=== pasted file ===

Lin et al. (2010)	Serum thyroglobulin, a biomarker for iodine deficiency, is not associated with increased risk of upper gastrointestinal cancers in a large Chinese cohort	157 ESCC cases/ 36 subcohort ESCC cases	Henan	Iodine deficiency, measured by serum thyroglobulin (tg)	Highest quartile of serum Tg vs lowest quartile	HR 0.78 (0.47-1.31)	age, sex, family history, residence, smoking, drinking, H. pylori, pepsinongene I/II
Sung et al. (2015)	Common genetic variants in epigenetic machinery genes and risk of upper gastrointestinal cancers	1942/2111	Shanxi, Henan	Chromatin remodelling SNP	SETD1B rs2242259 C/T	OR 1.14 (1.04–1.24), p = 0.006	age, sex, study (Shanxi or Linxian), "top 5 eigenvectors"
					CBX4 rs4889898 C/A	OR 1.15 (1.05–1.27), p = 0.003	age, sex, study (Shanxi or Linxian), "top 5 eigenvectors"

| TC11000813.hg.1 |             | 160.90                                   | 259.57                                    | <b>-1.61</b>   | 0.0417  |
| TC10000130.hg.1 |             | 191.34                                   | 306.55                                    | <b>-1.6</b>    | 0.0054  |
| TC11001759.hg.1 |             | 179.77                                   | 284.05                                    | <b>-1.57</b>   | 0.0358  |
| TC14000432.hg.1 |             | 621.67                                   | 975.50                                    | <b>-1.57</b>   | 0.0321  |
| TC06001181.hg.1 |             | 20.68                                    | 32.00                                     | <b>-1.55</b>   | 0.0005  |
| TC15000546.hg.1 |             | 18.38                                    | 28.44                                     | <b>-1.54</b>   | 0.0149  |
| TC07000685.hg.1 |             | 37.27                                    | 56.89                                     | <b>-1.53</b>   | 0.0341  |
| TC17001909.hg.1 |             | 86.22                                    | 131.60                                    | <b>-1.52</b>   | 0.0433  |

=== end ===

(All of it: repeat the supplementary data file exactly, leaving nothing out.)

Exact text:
Lin et al. (2010)	Serum thyroglobulin, a biomarker for iodine deficiency, is not associated with increased risk of upper gastrointestinal cancers in a large Chinese cohort	157 ESCC cases/ 36 subcohort ESCC cases	Henan	Iodine deficiency, measured by serum thyroglobulin (tg)	Highest quartile of serum Tg vs lowest quartile	HR 0.78 (0.47-1.31)	age, sex, family history, residence, smoking, drinking, H. pylori, pepsinongene I/II
Sung et al. (2015)	Common genetic variants in epigenetic machinery genes and risk of upper gastrointestinal cancers	1942/2111	Shanxi, Henan	Chromatin remodelling SNP	SETD1B rs2242259 C/T	OR 1.14 (1.04–1.24), p = 0.006	age, sex, study (Shanxi or Linxian), "top 5 eigenvectors"
					CBX4 rs4889898 C/A	OR 1.15 (1.05–1.27), p = 0.003	age, sex, study (Shanxi or Linxian), "top 5 eigenvectors"

| TC11000813.hg.1 |             | 160.90                                   | 259.57                                    | <b>-1.61</b>   | 0.0417  |
| TC10000130.hg.1 |             | 191.34                                   | 306.55                                    | <b>-1.6</b>    | 0.0054  |
| TC11001759.hg.1 |             | 179.77                                   | 284.05                                    | <b>-1.57</b>   | 0.0358  |
| TC14000432.hg.1 |             | 621.67                                   | 975.50                                    | <b>-1.57</b>   | 0.0321  |
| TC06001181.hg.1 |             | 20.68                                    | 32.00                                     | <b>-1.55</b>   | 0.0005  |
| TC15000546.hg.1 |             | 18.38                                    | 28.44                                     | <b>-1.54</b>   | 0.0149  |
| TC07000685.hg.1 |             | 37.27                                    | 56.89                                     | <b>-1.53</b>   | 0.0341  |
| TC17001909.hg.1 |             | 86.22                                    | 131.60                                    | <b>-1.52</b>   | 0.0433  |